Projects: Federal Sentencing Reporter
Vera and the Federal Sentencing Reporter share an approach to policy change that relies on information, analytical examination, and innovation. Rare among scholarly journals, the Federal Sentencing Reporter focuses—in its authorship and readership—on academics as well as practitioners. In its pages, conversations take place among judges, lawyers, policymakers, and scholars. The publication is an intellectual resource that people in the field turn to for solutions and that academics rely on to propose, learn about, and discuss new ideas. Each issue offers in-depth analysis on a wide range of topics related to sentencing policies and practices.
The Federal Sentencing Reporter is published five times a year. For each issue, Vera posts on its web site the “Editor’s Observations” (a regular feature that highlights the themes of the issue), a selected article, and the table of contents. Other articles, subscription services, and archives are available through University of California Press.
Volume: 25, Number: 5
Examining the U.S. Sentencing Commission’s Latest Federal Sentencing Reports
Excerpted from the Editors’ Observation: “Hot-spot policing” has proven to be an effective modern crime reduction strategy. Crime mapping technologies and other forms of data analyses now enable police forces to identify crime hot spots and then invest in focused interventions to improve public safety. Unfortunately, as the materials in this issue of the Federal Sentencing Reporter suggest, adopting a “hot-spot” approach to modern federal sentencing reform may be challenging. Sentencing data can often prove harder to collect and interpret than crime data, which creates difficulties in identifying accurately what are (and are not) critical sentencing “hot spots” in modern federal law and practice.
This FSR issue prompts consideration of these matters through its focus on the findings and recommendations in two massive new research reports that the U.S. Sentencing Commission published in early 2013. These two reports—one concerning the post-Booker federal sentencing system in general, the other concerning the operation and application of the child pornography guidelines—identify what the Commission considers problem areas in the operation of the federal sentencing system and suggest means to address them. But other materials in this Issue concerning these reports—including a set of original commentary from researchers and practitioners, as well as a lengthy letter from the Department of Justice to the Commission—highlight challenges posed by efforts to respond effectively to data driven assessments of the functioning (and perceived dysfunctioning) of the post-Booker federal sentencing system. The primary goal of this FSR issue is to facilitate a better understanding of the nature and limitations of the new data and recommendations appearing in the USSC’s two new reports.
Can the Federal Criminal Justice System Effectively Identify and Respond to Modern Sentencing “Hot Spots”?
Douglas A. Berman, Robert J. Watkins/Proctor and Gamble Professor of Law, The Ohio State University Moritz College of Law
Turning off the Spigot: How Sentencing Safety Valves can Help States Protect Public Safety and Save Money
Molly Gill, Government Affairs Counsel, Families Against Mandatory Minimums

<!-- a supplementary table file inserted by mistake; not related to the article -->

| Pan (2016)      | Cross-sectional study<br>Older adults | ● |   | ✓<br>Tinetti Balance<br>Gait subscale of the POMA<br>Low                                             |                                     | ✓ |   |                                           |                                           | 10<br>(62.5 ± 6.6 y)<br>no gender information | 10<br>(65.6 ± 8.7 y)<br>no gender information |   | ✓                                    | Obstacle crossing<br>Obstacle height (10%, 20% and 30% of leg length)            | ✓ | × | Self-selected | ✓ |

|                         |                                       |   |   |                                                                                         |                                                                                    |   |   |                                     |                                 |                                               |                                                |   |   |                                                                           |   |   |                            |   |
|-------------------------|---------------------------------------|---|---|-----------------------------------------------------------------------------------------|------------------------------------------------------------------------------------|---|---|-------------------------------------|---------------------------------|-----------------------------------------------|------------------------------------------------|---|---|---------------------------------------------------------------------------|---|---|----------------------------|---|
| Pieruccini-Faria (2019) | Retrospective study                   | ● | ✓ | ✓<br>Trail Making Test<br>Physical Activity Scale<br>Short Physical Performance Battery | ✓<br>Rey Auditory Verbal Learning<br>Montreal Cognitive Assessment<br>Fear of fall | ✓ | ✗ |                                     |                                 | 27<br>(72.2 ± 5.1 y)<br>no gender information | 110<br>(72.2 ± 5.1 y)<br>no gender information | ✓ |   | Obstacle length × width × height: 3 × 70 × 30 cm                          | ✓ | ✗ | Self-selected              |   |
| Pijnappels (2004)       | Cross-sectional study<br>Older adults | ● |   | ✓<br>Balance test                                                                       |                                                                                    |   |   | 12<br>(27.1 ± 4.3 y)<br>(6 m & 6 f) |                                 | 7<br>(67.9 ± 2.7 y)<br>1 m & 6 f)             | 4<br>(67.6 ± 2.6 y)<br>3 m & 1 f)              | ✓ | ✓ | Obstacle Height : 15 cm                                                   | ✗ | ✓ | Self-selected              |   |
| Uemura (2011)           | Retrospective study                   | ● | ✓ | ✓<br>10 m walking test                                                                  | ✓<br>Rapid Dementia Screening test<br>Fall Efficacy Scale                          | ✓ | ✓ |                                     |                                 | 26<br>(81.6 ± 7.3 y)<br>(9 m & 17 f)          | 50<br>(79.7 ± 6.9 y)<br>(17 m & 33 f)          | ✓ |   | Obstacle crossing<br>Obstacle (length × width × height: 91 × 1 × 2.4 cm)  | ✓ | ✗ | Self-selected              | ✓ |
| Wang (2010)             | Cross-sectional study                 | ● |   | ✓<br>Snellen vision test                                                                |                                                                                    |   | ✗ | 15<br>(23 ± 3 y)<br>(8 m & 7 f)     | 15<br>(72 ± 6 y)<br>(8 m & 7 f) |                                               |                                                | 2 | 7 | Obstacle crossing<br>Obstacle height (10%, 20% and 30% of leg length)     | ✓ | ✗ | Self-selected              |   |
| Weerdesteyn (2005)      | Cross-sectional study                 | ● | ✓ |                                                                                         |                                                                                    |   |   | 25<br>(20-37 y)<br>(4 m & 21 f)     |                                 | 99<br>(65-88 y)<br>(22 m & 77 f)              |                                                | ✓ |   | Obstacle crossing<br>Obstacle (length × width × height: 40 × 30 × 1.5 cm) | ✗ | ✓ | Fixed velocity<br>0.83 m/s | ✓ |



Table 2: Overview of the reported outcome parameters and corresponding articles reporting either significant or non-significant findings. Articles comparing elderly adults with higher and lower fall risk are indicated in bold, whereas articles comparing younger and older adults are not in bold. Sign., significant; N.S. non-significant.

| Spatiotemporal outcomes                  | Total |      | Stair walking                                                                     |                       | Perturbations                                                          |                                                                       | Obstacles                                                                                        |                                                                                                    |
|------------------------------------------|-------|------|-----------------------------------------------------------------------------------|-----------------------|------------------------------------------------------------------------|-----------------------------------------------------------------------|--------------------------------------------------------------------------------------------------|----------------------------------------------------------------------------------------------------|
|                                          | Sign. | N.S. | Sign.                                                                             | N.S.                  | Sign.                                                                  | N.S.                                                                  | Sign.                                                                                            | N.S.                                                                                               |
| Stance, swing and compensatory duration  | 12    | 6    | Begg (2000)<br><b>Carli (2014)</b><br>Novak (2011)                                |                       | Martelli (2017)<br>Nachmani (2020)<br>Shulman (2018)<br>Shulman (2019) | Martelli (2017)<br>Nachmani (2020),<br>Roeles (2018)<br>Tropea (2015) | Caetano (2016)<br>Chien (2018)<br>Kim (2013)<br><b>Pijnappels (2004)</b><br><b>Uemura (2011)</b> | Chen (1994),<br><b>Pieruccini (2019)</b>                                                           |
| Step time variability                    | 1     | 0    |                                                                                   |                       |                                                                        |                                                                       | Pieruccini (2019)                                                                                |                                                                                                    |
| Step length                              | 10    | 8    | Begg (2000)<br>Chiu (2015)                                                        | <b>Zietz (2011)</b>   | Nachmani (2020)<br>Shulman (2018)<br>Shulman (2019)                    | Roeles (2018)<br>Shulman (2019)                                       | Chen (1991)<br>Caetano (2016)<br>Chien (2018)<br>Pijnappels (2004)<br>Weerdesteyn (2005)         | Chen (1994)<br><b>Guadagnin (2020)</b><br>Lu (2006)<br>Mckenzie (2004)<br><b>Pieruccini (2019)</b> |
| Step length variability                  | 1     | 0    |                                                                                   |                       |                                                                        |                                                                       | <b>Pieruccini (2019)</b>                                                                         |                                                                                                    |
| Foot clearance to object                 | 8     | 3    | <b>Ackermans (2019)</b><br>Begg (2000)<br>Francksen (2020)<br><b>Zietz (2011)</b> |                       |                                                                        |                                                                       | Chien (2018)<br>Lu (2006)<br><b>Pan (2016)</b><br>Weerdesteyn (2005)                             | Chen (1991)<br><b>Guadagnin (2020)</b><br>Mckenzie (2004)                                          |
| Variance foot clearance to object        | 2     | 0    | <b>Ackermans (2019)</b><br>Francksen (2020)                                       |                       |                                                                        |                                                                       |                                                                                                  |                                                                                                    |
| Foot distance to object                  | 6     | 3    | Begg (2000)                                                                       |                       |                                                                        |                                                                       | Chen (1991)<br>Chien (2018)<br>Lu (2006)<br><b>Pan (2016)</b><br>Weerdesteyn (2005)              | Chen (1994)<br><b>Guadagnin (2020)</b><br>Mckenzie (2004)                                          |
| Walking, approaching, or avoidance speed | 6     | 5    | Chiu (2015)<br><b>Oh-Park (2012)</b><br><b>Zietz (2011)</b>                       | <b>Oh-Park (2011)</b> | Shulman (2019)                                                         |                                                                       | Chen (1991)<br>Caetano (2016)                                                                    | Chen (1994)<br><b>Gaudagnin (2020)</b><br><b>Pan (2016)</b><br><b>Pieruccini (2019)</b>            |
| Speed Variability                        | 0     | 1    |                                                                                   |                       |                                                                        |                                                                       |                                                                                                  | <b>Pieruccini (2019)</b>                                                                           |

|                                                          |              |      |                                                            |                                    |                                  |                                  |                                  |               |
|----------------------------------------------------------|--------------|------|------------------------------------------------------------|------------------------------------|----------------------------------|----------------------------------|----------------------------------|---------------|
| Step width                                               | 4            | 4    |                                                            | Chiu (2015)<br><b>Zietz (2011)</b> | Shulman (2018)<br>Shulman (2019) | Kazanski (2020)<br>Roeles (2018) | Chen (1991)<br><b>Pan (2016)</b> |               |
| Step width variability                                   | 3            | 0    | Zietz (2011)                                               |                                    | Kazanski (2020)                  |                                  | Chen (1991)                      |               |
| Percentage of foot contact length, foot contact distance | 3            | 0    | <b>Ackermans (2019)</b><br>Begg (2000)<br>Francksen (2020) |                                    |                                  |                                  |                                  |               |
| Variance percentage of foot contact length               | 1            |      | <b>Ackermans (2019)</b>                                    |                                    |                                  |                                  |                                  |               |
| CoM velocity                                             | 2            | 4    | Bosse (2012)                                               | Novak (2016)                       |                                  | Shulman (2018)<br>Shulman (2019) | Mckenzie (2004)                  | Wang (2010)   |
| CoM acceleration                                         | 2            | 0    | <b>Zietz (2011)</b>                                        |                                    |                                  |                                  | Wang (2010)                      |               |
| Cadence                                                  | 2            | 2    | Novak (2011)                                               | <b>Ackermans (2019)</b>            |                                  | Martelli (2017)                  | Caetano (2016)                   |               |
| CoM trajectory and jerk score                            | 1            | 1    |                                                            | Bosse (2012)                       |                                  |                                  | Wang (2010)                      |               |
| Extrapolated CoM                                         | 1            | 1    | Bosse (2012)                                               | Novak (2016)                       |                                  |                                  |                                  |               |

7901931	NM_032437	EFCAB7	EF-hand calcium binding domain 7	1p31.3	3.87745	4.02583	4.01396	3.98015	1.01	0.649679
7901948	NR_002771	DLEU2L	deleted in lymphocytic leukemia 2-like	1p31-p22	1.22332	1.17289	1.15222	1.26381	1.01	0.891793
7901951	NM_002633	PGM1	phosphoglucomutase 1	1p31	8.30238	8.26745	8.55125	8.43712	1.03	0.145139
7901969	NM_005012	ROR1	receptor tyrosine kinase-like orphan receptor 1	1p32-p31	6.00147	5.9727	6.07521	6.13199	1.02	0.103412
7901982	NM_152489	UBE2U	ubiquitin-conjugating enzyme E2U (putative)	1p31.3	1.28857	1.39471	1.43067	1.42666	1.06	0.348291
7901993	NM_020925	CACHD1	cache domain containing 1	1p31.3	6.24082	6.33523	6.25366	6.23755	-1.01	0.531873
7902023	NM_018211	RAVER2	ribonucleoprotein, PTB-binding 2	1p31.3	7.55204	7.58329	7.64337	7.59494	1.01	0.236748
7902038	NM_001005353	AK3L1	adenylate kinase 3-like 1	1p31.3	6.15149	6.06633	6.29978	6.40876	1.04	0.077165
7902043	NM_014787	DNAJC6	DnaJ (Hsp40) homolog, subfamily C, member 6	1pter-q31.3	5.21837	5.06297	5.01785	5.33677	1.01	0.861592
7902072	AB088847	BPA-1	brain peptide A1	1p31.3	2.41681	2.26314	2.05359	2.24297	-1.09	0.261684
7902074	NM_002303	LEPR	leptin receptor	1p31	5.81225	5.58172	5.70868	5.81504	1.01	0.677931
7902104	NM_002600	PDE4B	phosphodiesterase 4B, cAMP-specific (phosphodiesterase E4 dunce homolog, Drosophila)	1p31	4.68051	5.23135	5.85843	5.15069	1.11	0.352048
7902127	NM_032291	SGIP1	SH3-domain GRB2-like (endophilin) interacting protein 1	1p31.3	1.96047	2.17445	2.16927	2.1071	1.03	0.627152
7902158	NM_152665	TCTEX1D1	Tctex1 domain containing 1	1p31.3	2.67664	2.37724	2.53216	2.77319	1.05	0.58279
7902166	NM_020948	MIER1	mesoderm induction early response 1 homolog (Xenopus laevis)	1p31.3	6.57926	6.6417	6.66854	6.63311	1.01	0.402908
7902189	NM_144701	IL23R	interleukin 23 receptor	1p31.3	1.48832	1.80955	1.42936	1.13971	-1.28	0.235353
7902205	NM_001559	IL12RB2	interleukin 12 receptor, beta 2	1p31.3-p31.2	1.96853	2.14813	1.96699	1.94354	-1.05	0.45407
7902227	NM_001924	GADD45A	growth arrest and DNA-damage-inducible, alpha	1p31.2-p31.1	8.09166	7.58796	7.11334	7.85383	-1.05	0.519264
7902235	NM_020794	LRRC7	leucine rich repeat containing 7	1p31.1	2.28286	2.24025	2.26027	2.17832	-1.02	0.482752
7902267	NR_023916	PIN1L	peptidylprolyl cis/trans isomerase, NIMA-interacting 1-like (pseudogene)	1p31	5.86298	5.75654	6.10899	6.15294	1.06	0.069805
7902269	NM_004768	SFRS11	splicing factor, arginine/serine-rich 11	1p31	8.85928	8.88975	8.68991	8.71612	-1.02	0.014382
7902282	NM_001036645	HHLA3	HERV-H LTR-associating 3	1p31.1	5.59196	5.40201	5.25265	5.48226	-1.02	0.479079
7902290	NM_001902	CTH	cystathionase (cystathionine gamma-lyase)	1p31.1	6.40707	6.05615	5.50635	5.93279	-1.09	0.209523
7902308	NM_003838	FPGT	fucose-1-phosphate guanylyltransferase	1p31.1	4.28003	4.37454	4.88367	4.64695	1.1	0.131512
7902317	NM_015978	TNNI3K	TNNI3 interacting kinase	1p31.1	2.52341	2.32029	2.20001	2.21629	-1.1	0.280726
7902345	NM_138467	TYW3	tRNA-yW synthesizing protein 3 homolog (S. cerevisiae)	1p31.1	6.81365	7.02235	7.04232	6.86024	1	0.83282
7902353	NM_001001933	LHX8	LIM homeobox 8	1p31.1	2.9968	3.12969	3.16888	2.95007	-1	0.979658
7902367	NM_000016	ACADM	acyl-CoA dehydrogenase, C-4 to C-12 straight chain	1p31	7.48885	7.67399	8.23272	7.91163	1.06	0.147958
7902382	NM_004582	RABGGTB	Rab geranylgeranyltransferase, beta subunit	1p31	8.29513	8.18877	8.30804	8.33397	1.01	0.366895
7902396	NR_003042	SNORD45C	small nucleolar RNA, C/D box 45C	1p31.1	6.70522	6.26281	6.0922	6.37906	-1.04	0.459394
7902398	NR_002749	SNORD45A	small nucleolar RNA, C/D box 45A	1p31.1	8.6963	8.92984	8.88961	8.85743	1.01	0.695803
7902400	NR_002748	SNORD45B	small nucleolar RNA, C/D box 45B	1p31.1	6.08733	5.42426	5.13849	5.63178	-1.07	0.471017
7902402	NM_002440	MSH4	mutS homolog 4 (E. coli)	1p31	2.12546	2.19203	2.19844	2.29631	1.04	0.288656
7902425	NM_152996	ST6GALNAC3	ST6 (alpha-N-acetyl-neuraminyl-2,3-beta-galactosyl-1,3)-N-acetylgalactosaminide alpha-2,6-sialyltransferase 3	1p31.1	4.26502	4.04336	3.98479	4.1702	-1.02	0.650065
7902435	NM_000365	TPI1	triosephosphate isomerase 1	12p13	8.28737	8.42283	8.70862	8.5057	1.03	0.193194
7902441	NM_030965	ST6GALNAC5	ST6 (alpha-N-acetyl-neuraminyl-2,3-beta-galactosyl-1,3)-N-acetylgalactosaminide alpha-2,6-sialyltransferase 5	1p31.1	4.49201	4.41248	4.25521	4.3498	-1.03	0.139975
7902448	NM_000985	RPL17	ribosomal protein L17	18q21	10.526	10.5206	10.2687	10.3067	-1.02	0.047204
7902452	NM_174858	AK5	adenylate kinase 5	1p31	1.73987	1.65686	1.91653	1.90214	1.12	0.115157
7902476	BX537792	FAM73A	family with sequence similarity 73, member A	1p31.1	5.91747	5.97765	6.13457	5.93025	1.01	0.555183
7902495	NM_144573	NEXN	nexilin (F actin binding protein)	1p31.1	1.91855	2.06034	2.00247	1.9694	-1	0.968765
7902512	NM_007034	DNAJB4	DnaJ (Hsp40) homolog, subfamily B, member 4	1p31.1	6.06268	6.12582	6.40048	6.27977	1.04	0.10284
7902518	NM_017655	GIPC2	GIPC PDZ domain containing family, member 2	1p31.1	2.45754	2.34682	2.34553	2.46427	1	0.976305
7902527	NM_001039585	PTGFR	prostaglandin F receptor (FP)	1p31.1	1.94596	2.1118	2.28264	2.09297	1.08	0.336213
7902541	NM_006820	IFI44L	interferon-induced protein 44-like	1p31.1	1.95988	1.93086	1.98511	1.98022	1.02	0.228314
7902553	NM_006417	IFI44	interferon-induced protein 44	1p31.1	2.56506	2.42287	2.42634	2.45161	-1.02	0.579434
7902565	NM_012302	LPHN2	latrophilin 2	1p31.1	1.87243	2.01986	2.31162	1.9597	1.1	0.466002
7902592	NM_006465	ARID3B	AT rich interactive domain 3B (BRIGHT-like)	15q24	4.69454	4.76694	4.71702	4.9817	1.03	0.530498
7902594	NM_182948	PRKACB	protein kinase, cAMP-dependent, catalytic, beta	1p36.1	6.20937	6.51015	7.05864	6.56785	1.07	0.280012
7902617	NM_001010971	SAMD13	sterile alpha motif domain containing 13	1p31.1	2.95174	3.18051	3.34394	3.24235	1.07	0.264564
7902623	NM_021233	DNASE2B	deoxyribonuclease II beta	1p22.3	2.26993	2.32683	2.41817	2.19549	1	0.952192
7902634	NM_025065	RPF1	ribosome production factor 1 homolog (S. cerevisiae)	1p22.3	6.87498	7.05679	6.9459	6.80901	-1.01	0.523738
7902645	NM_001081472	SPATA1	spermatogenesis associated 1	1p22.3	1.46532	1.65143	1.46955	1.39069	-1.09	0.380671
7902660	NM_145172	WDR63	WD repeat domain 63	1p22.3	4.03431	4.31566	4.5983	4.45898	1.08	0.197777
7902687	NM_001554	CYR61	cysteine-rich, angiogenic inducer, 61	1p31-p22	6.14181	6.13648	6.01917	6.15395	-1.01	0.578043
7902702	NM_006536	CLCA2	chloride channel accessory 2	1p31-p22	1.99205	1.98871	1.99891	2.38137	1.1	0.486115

This article looks at state “safety valve” statutes that allow a judge to bypass an existing mandatory minimum and impose a different sentence where a mandatory minimum is not appropriate. Detailing the rise in correctional spending and prison populations as well as corresponding studies on the ineffectiveness of mandatory minimum laws, this report recommends reforming the laws that impose lengthy mandatory sentences on low level offenders. The report outlines how a safety valve statute works and includes examples from federal implementation of a safety valve for drug offenders, which resulted in approximately 25 percent of drug offenders receiving waived mandatory minimum sentences. Cognizant of the political realities of a full scale repeal of mandatory minimums, individual state efforts to partially repeal mandatory minimums are discussed. Some state efforts, like the federal statute, apply only to drug offenses; but others apply to person or weapons offenses or, in the case of a state like Montana, cover a wide range of violent and nonviolent offenses. Finally, the report provides the federal safety valve statute, supplies examples of state safety valve statutes that apply to a range of crimes, and sets out a model safety valve statute.
Other articles in this issue
(available through University of California Press)
The 2012 U.S.S.C. Booker Report’s Characterization of the Penn State Studies: Setting the Record Straight
Jeffery T. Ulmer, Professor of Sociology and Crime, Law and Justice, The Pennsylvania State University and Michael Light, Assistant Professor of Sociology, Purdue University
The Commission’s Legislative Agenda to Restore Mandatory Guidelines
Amy Baron-Evans, Sentencing Resource Counsel, Federal Public and Community Defenders and Thomas Hillier, Federal Public Defender, Western District of Washington
The Commission Defends an Ailing Hypothesis: Does Judicial Discretion Increase Demographic Disparity?
Paul Hofer, Policy Analyst, Sentencing Resource Counsel Project, Federal Public and Community Defenders
Did Booker Increase Disparity? Why the Evidence is Unpersuasive
Sonja Starr, Assistant Professor of Law, University of Michigan Law School
Department of Justice Letter to the USSC on the Child Pornography Report
Anne Gannon, National Coordinator for Child Exploitation Prevention and Interdiction